Saturday, May 24, 2014

Political ِِِِِِِAnalysis: Egypt as you should see it ..............




















Have you ever had the experience of walking out of a movie theater and feeling like you’re still in the movie?

If it was a comedy, you may experience the noisy commotion and cacophony of the street as if it were a slapstick scene. If the movie was romantic, you may carry out that warm, wistful feeling in your heart of lost love, and lingering affection for the lead character you grew attached to during the movie.

On the flight home from Egypt last week I watched the new Matt Damon sci fi thriller “Elysium” with all its wild explosions, chase scenes, fights and murders. And when I mistakenly knocked the toothpaste off the shelf in the restroom and it crashed on the counter I jolted as if someone had attacked me.

Such is the hypnotic power of cinema, the power of the screen to suck you into the world it creates. The same thing happens in a way with TV news. It has a way of shaping the way you experience things. In the age of 24-hour news channels, it’s possible to stay in that frame of mind for as much of the day as you might wish to. The trouble is, there is also a world outside the screen. And sometimes in an online world with “all news all the time” we forget to pay attention to the world beyond the screen.

One of the greatest things about travel is that it takes you away from the screen and immerses you in the real world, with real people. I’ve seen remote lodges that actually advertise the fact that they are off the grid as an attraction. It’s hard to break the spell of the screen unless you are forced off it.

As a reporter for TravelPulse, I cover Africa and the Middle East. Both of these regions are depicted so dismally on the news that it’s surprising any American ever goes there. The ones who do are probably not the ones who spend a great deal of their time watching the news.
I just returned from nine days in Egypt touring with Abercrombie & Kent’s President’s Tour and what I experienced there was so radically different from its portrayal in our news it’s hard to believe it’s the same place.

There is a huge cultural gap between the way many countries see themselves and the way they are portrayed on the American news. Much as we may wish to be objective, we see things through a lens that is culturally biased.


When I was in Egypt I talked to many Egyptians, highly intelligent and cultivated people, as well as some Americans who are intimate with the region, and I got a very different image of what is going on there than what one sees in our news media.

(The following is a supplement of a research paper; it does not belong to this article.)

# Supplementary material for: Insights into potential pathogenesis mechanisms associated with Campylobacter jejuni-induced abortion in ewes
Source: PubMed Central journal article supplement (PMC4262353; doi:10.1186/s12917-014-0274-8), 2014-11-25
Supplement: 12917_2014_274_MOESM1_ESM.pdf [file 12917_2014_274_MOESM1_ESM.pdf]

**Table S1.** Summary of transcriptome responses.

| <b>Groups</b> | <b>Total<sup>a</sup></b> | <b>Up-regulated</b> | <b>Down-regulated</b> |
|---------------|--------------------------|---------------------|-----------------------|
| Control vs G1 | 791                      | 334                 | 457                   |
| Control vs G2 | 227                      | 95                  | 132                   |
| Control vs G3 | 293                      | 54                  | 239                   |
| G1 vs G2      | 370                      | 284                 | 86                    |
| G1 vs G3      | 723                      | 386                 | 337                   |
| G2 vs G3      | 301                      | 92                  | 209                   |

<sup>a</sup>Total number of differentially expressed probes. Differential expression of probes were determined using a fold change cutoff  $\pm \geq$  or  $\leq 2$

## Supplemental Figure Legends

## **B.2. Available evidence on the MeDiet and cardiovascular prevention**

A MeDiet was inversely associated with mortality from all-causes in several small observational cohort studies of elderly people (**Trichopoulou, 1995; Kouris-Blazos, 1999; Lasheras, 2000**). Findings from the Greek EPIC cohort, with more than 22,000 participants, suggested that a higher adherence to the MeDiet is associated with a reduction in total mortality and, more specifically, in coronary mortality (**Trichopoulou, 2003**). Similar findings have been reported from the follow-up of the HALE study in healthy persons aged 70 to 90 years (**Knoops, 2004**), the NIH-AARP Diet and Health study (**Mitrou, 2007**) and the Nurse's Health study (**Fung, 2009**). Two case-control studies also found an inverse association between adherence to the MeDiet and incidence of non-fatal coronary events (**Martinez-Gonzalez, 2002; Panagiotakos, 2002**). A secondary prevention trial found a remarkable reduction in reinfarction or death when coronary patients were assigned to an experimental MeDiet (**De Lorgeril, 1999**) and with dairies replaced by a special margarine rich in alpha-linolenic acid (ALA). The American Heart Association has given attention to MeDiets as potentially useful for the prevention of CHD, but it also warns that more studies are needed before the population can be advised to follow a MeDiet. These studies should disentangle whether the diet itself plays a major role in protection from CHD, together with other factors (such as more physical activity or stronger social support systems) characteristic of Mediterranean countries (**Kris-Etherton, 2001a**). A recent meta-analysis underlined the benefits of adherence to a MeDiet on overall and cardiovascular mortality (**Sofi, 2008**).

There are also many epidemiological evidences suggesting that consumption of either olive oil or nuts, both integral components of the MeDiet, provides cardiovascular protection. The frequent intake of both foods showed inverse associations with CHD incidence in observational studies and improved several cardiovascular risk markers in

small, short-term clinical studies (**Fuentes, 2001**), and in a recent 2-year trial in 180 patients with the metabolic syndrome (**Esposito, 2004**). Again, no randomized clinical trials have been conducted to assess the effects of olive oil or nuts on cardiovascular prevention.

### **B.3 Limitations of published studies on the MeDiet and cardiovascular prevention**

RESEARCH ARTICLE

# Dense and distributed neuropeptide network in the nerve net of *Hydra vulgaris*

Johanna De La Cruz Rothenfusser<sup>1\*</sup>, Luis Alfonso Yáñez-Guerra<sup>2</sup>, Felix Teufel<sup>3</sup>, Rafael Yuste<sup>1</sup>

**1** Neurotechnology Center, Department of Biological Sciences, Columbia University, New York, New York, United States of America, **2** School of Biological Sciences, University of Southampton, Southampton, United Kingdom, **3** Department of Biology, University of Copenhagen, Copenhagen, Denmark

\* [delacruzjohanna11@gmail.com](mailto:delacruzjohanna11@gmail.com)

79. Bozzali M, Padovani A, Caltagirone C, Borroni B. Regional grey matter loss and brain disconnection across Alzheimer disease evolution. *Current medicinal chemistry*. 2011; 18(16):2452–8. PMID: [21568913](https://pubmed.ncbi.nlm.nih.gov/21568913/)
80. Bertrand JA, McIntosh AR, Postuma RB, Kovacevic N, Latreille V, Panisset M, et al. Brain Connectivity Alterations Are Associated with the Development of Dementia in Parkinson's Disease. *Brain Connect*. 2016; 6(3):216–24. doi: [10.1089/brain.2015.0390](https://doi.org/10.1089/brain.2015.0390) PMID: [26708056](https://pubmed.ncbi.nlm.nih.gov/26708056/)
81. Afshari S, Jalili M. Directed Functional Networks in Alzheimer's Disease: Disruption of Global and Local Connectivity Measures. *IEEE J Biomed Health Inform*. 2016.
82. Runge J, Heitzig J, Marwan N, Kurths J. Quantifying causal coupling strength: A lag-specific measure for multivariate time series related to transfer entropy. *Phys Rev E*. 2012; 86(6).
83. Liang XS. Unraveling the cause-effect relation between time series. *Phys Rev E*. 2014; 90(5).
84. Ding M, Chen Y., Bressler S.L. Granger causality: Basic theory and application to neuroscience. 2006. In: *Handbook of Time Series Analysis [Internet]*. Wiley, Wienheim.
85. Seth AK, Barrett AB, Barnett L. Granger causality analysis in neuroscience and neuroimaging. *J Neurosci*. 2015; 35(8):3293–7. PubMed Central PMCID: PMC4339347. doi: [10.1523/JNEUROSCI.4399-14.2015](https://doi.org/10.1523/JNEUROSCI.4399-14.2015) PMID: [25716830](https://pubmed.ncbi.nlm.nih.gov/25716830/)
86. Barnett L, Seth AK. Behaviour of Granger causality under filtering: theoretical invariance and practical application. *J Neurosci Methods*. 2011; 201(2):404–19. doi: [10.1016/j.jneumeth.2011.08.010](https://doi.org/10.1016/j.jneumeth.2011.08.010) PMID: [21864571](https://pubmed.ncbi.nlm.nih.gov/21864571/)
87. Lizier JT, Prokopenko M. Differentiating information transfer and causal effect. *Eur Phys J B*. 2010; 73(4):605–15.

I spoke informally to Marc J. Sievers, the chargé d’affaires of the U.S. Embassy in Cairo, in effect the acting U.S. ambassador to Egypt, and he said that much of the western reporting on the region, while probably not dishonest as such, is presented through a lens that distorts it.
Sievers told the group of A&K guest travelers that he hoped they would go home and spread the word from their first-hand experiences that Egypt is a safe place to travel, and offers a wonderful experience that they should not hold back from because of fears of security.
This was the view of an American, but one who has spent the last 30 years as a career diplomat in the region and knows it intimately. He is not subjected to the same TV news that we see at home.

In speaking to many people in Egypt, including businessmen, politicians and Egyptologist tour guides I received a very coherent, consistent view of what has been going on in Egypt since January 2011 with the beginning of the Arab Spring and the Egyptian Revolution.
The stories and explanations I received from a range of people were consistent among each other, yet fundamentally different from what I see when I tune into practically any western report on the same events.

It’s shocking and disturbing that there can be such a dislocation between these alternate views of reality. It’s a challenging task, and I am not an international affairs expert, but I want to try to pass on what I learned from those conversations to my countrymen back home about the differences between those two alternate perceptions of reality.
The basic story line in the western media seems to be that there was a nasty military coup in Egypt that pushed out a democratically elected president and is now ruling the country as a dictatorship.

In Egypt they see it differently. According to the Egyptians I spoke to, it went something like this. The people of Egypt rose up against the dictator Hosni Mubarak, millions of them demonstrating in the streets, effectively bringing the country to a standstill until the military stepped in and broke the stalemate, in favor of the demonstrators.